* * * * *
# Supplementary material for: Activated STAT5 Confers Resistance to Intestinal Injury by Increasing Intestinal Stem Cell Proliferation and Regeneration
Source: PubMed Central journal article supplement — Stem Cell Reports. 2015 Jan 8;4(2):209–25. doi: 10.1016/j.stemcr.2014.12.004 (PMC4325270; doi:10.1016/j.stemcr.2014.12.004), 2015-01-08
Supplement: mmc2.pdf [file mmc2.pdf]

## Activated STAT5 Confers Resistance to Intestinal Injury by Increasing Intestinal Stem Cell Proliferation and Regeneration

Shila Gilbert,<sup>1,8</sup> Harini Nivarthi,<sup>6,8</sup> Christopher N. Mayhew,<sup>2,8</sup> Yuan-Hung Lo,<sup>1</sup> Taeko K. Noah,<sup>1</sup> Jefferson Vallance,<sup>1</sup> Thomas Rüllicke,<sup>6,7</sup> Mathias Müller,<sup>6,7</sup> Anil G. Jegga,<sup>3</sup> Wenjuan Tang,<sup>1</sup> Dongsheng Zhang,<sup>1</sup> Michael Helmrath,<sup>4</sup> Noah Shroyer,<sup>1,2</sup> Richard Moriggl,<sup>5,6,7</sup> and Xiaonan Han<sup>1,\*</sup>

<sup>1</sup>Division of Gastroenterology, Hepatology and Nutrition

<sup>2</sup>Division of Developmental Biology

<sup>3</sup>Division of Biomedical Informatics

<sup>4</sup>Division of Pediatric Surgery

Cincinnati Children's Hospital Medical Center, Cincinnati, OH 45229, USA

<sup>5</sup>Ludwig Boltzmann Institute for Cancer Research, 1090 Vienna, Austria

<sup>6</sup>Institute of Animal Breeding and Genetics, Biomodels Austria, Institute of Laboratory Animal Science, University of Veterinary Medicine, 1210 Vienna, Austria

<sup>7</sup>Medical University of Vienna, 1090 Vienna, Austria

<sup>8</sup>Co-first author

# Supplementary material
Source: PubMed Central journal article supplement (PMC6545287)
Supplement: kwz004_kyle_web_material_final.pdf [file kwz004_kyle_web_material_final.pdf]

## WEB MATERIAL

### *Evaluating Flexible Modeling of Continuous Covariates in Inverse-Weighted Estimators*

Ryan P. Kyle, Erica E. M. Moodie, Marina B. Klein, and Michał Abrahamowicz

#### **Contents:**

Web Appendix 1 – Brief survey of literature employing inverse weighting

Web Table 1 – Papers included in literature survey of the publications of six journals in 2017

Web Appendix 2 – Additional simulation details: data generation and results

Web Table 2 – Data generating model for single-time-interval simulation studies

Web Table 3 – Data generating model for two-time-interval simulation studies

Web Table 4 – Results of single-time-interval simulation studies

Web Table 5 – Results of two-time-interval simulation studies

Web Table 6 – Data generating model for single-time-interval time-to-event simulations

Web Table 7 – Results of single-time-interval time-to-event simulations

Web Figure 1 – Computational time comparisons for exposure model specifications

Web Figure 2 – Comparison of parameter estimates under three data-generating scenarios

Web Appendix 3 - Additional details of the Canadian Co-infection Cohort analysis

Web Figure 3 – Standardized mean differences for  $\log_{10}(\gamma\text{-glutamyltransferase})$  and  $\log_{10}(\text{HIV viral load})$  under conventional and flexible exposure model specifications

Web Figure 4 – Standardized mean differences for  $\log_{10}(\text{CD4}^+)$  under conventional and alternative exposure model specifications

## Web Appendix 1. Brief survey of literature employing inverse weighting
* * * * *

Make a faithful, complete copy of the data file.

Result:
# Supplementary material for: Activated STAT5 Confers Resistance to Intestinal Injury by Increasing Intestinal Stem Cell Proliferation and Regeneration
Source: PubMed Central journal article supplement — Stem Cell Reports. 2015 Jan 8;4(2):209–25. doi: 10.1016/j.stemcr.2014.12.004 (PMC4325270; doi:10.1016/j.stemcr.2014.12.004), 2015-01-08
Supplement: mmc2.pdf [file mmc2.pdf]

## Activated STAT5 Confers Resistance to Intestinal Injury by Increasing Intestinal Stem Cell Proliferation and Regeneration

Shila Gilbert,<sup>1,8</sup> Harini Nivarthi,<sup>6,8</sup> Christopher N. Mayhew,<sup>2,8</sup> Yuan-Hung Lo,<sup>1</sup> Taeko K. Noah,<sup>1</sup> Jefferson Vallance,<sup>1</sup> Thomas Rüllicke,<sup>6,7</sup> Mathias Müller,<sup>6,7</sup> Anil G. Jegga,<sup>3</sup> Wenjuan Tang,<sup>1</sup> Dongsheng Zhang,<sup>1</sup> Michael Helmrath,<sup>4</sup> Noah Shroyer,<sup>1,2</sup> Richard Moriggl,<sup>5,6,7</sup> and Xiaonan Han<sup>1,\*</sup>

<sup>1</sup>Division of Gastroenterology, Hepatology and Nutrition

<sup>2</sup>Division of Developmental Biology

<sup>3</sup>Division of Biomedical Informatics

<sup>4</sup>Division of Pediatric Surgery

Cincinnati Children's Hospital Medical Center, Cincinnati, OH 45229, USA

<sup>5</sup>Ludwig Boltzmann Institute for Cancer Research, 1090 Vienna, Austria

<sup>6</sup>Institute of Animal Breeding and Genetics, Biomodels Austria, Institute of Laboratory Animal Science, University of Veterinary Medicine, 1210 Vienna, Austria

<sup>7</sup>Medical University of Vienna, 1090 Vienna, Austria

<sup>8</sup>Co-first author

# Supplementary material
Source: PubMed Central journal article supplement (PMC6545287)
Supplement: kwz004_kyle_web_material_final.pdf [file kwz004_kyle_web_material_final.pdf]

## WEB MATERIAL

### *Evaluating Flexible Modeling of Continuous Covariates in Inverse-Weighted Estimators*

Ryan P. Kyle, Erica E. M. Moodie, Marina B. Klein, and Michał Abrahamowicz

#### **Contents:**

Web Appendix 1 – Brief survey of literature employing inverse weighting

Web Table 1 – Papers included in literature survey of the publications of six journals in 2017

Web Appendix 2 – Additional simulation details: data generation and results

Web Table 2 – Data generating model for single-time-interval simulation studies

Web Table 3 – Data generating model for two-time-interval simulation studies

Web Table 4 – Results of single-time-interval simulation studies

Web Table 5 – Results of two-time-interval simulation studies

Web Table 6 – Data generating model for single-time-interval time-to-event simulations

Web Table 7 – Results of single-time-interval time-to-event simulations

Web Figure 1 – Computational time comparisons for exposure model specifications

Web Figure 2 – Comparison of parameter estimates under three data-generating scenarios

Web Appendix 3 - Additional details of the Canadian Co-infection Cohort analysis

Web Figure 3 – Standardized mean differences for  $\log_{10}(\gamma\text{-glutamyltransferase})$  and  $\log_{10}(\text{HIV viral load})$  under conventional and flexible exposure model specifications

Web Figure 4 – Standardized mean differences for  $\log_{10}(\text{CD4}^+)$  under conventional and alternative exposure model specifications

## Web Appendix 1. Brief survey of literature employing inverse weighting